Some advocates for Medicaid expansion in South Dakota are concerned that two ballot measures with different language and separate backers but the same goals may confuse or diffuse voters, reducing the chances of success in the November election.
The goal of each campaign is to provide health care coverage to more than 40,000 additional low-income South Dakota residents by broadening Medicaid insurance criteria as established by the Affordable Care Act, with the federal government covering 90% of the cost. Unlike Medicare, which provides coverage for the elderly, Medicaid focuses on low-income individuals and covers services such as hospital visits, preventative care, X-rays and family planning.
The ACA in 2010 expanded Medicaid to include nearly all adults with incomes up to 138% of the federal poverty level, which currently translates to an annual salary of about $18,000 for an individual (or $36,500 for a family of four). But the Supreme Court ruled in 2012 that states could reject the expansion and still get federal funding for traditional Medicaid costs, which all states currently receive.
South Dakota is one of just 12 states that hasn’t expanded Medicaid, making it an outlier even among neighboring Republican-led states such as North Dakota, Iowa and Nebraska. But expansion proponents are optimistic after seeing voters reject Amendment C – which would have made ballot measures involving state spending more difficult to pass – in the primary election June 7 with 67 percent of the vote.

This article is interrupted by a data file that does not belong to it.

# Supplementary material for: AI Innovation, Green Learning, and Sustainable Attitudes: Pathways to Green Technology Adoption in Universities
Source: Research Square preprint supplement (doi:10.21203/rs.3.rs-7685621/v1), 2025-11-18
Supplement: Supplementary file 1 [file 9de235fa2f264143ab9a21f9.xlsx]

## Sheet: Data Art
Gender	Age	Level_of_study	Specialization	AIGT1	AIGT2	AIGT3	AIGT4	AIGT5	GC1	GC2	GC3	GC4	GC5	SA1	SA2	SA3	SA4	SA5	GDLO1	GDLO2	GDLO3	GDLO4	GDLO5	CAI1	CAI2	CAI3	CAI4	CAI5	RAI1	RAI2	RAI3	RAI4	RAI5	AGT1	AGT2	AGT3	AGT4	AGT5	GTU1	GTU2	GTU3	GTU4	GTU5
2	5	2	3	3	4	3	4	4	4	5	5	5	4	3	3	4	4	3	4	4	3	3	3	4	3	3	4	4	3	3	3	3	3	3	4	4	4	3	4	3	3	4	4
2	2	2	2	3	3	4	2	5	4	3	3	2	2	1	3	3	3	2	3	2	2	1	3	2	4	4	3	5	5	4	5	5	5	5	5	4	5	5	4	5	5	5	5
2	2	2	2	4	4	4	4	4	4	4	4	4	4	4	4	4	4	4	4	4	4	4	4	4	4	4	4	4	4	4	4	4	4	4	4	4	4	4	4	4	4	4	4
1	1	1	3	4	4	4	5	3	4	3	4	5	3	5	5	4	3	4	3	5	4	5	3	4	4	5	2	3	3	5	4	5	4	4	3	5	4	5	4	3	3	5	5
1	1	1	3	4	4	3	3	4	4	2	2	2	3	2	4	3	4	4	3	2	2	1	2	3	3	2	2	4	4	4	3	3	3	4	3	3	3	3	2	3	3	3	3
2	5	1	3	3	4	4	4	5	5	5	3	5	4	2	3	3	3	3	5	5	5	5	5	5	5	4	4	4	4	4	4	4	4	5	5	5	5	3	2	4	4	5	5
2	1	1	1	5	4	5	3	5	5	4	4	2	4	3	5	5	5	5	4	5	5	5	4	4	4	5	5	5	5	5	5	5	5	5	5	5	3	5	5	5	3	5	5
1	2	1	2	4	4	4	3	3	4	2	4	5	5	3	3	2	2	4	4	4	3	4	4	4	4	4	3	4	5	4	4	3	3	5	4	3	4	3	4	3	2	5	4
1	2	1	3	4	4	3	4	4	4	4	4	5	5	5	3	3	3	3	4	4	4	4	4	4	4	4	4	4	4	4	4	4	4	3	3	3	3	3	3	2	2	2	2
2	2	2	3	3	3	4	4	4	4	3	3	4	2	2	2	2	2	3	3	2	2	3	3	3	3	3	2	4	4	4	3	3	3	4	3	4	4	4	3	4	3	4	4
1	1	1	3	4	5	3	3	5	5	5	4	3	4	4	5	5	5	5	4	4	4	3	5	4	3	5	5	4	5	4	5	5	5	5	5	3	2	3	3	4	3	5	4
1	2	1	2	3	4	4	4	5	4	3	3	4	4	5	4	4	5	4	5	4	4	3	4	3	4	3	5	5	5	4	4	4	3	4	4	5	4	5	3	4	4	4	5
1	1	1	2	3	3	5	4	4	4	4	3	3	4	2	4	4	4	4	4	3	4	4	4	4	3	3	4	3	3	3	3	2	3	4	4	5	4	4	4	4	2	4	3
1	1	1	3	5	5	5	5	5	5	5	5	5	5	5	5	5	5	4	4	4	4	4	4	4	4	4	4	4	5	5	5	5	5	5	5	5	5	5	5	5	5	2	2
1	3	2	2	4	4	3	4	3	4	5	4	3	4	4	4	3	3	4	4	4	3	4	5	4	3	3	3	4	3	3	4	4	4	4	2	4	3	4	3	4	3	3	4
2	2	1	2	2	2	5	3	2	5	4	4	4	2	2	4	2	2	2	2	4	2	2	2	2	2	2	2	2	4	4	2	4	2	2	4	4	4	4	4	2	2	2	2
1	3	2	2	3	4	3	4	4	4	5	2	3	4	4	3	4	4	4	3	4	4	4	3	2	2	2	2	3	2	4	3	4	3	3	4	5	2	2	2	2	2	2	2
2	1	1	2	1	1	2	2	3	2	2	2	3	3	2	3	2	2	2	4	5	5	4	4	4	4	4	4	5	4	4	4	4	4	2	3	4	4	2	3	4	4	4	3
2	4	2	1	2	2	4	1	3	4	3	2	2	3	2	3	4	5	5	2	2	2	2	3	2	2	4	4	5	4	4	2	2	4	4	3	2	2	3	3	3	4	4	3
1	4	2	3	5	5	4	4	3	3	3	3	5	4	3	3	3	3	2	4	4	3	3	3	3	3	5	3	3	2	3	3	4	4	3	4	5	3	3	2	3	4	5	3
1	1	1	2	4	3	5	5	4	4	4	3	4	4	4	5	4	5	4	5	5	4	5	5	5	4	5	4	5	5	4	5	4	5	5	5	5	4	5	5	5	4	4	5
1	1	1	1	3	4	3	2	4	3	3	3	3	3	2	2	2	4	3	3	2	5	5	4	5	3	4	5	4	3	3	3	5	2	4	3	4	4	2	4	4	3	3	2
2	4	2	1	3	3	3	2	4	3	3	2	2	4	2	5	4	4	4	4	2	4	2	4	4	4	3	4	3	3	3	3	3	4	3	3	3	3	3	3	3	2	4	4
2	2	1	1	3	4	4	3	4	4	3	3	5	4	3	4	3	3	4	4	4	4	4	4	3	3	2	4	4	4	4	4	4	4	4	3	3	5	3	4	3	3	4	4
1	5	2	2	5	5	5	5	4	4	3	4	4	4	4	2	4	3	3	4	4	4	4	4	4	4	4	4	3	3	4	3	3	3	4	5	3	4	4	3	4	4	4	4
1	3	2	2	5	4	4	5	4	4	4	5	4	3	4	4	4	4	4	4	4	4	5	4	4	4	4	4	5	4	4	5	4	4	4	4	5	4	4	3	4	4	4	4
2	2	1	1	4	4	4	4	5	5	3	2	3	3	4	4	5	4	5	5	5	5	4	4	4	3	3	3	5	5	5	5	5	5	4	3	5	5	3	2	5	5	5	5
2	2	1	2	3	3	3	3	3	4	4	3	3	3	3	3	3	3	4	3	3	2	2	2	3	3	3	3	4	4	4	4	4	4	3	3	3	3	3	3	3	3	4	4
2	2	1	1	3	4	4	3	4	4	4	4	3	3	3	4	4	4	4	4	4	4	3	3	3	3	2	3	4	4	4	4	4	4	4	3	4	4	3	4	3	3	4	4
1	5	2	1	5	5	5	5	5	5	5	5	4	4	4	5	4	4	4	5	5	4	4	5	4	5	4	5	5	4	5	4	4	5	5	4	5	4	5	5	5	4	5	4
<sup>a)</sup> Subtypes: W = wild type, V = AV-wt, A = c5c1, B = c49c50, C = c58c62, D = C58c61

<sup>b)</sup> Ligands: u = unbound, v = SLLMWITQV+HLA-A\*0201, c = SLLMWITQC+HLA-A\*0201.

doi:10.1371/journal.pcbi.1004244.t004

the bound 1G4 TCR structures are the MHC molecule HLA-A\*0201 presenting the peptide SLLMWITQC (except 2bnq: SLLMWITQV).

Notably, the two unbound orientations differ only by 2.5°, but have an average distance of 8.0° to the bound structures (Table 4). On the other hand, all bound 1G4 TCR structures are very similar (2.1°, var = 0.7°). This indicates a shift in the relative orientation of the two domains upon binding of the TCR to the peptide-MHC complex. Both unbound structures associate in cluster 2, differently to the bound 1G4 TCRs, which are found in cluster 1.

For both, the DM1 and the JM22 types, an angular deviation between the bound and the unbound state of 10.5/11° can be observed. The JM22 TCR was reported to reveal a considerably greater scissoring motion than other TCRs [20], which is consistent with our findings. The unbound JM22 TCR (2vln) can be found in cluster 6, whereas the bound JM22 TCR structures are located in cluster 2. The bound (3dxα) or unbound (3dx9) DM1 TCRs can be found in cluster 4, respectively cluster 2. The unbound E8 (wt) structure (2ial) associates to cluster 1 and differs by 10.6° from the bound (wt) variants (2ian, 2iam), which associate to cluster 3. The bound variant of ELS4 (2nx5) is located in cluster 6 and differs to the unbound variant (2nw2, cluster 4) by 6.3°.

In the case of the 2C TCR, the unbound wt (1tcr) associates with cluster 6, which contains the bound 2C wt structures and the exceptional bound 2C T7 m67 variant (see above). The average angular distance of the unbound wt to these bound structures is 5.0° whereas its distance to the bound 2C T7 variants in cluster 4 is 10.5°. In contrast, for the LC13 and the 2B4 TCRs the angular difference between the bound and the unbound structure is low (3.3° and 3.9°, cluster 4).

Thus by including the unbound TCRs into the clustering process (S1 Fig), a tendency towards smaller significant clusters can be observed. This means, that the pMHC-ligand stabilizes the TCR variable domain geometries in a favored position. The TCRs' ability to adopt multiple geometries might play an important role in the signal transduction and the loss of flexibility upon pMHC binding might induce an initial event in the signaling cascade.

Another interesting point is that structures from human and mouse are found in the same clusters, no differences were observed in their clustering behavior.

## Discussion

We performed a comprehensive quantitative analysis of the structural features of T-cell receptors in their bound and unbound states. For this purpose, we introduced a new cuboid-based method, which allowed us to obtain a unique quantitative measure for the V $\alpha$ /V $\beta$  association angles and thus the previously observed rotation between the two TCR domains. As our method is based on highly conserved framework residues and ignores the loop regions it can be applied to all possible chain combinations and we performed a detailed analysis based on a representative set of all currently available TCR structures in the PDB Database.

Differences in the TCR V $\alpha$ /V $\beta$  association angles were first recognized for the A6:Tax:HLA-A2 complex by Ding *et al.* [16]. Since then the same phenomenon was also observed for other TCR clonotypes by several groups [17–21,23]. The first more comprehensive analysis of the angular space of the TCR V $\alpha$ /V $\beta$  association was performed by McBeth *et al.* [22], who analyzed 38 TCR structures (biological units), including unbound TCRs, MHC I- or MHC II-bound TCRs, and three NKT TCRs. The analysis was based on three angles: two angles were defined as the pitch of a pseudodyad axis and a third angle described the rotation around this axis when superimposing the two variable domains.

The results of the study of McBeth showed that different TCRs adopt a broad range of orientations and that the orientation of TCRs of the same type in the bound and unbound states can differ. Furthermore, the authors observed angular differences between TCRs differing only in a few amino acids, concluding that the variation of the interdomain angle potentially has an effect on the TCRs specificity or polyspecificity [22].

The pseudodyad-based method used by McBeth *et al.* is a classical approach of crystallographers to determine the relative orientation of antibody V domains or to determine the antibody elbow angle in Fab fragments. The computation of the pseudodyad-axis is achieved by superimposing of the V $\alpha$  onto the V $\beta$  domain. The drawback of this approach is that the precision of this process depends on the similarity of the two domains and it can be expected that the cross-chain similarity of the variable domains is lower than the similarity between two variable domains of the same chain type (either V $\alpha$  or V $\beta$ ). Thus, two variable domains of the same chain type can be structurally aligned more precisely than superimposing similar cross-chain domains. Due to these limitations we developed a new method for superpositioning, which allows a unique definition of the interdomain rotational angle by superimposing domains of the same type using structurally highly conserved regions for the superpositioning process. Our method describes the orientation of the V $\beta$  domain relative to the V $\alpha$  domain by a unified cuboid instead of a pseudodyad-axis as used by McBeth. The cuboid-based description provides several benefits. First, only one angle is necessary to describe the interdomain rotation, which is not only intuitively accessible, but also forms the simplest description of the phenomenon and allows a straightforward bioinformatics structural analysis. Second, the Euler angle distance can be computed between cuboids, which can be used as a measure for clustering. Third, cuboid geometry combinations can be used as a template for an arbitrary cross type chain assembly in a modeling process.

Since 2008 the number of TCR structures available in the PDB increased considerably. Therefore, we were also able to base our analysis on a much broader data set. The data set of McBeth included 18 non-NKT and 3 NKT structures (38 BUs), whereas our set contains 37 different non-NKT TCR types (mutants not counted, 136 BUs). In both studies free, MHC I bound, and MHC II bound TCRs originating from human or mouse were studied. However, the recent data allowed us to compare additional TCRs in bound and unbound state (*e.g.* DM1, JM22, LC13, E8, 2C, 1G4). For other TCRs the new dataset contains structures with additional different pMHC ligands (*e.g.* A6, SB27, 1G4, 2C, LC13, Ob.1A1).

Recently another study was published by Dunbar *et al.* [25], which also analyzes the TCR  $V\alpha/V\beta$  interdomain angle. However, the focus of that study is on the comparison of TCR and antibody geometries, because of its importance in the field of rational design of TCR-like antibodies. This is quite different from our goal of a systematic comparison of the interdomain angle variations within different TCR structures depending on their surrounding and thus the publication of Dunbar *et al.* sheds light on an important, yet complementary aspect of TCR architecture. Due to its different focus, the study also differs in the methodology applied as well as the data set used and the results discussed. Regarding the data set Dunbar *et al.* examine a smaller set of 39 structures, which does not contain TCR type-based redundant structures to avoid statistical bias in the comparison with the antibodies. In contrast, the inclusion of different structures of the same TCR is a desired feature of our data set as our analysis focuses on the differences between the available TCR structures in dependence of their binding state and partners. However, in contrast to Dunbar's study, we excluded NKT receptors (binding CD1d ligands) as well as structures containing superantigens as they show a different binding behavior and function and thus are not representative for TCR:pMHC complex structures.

Constitutional Amendment D, which is sponsored by South Dakotans Decide Healthcare and will appear on the November ballot, seeks to expand Medicaid by changing the state constitution, viewed traditionally as a more iron-clad method of initiating new policies. Amendment D is supported by the state’s major healthcare systems and the Fairness Project, a national advocacy group that assists in ballot measure campaigns.
The second Medicaid ballot measure, Initiated Measure 28, is spearheaded by former Democratic U.S. Senate candidate Rick Weiland, a frequent supporter of ballot measures who successfully campaigned to increase South Dakota’s minimum wage in 2014. Weiland’s group, Dakotans for Health, initially presented its measure as a way to give voters another option in case the 60-percent voting threshold was passed into law by the June primary vote.
“Historically, initiated measures have fared better than conditional amendments,” said Weiland. “There are groups of voters who just don’t like to mess with the constitution and could see Medicaid expansion as more appropriately accomplished by statutory measure.”
Since Amendment D had a later filing deadline to the Secretary of State’s office, the fiscal note from the Legislative Research Council includes additional offsets extended by the Biden Administration as part of the American Rescue Plan, showing the state’s share over the first five years of Medicaid expansion to be a total of $3.8 million. That information is not reflected in IM 28’s fiscal note, nor does that measure specify an implementation date.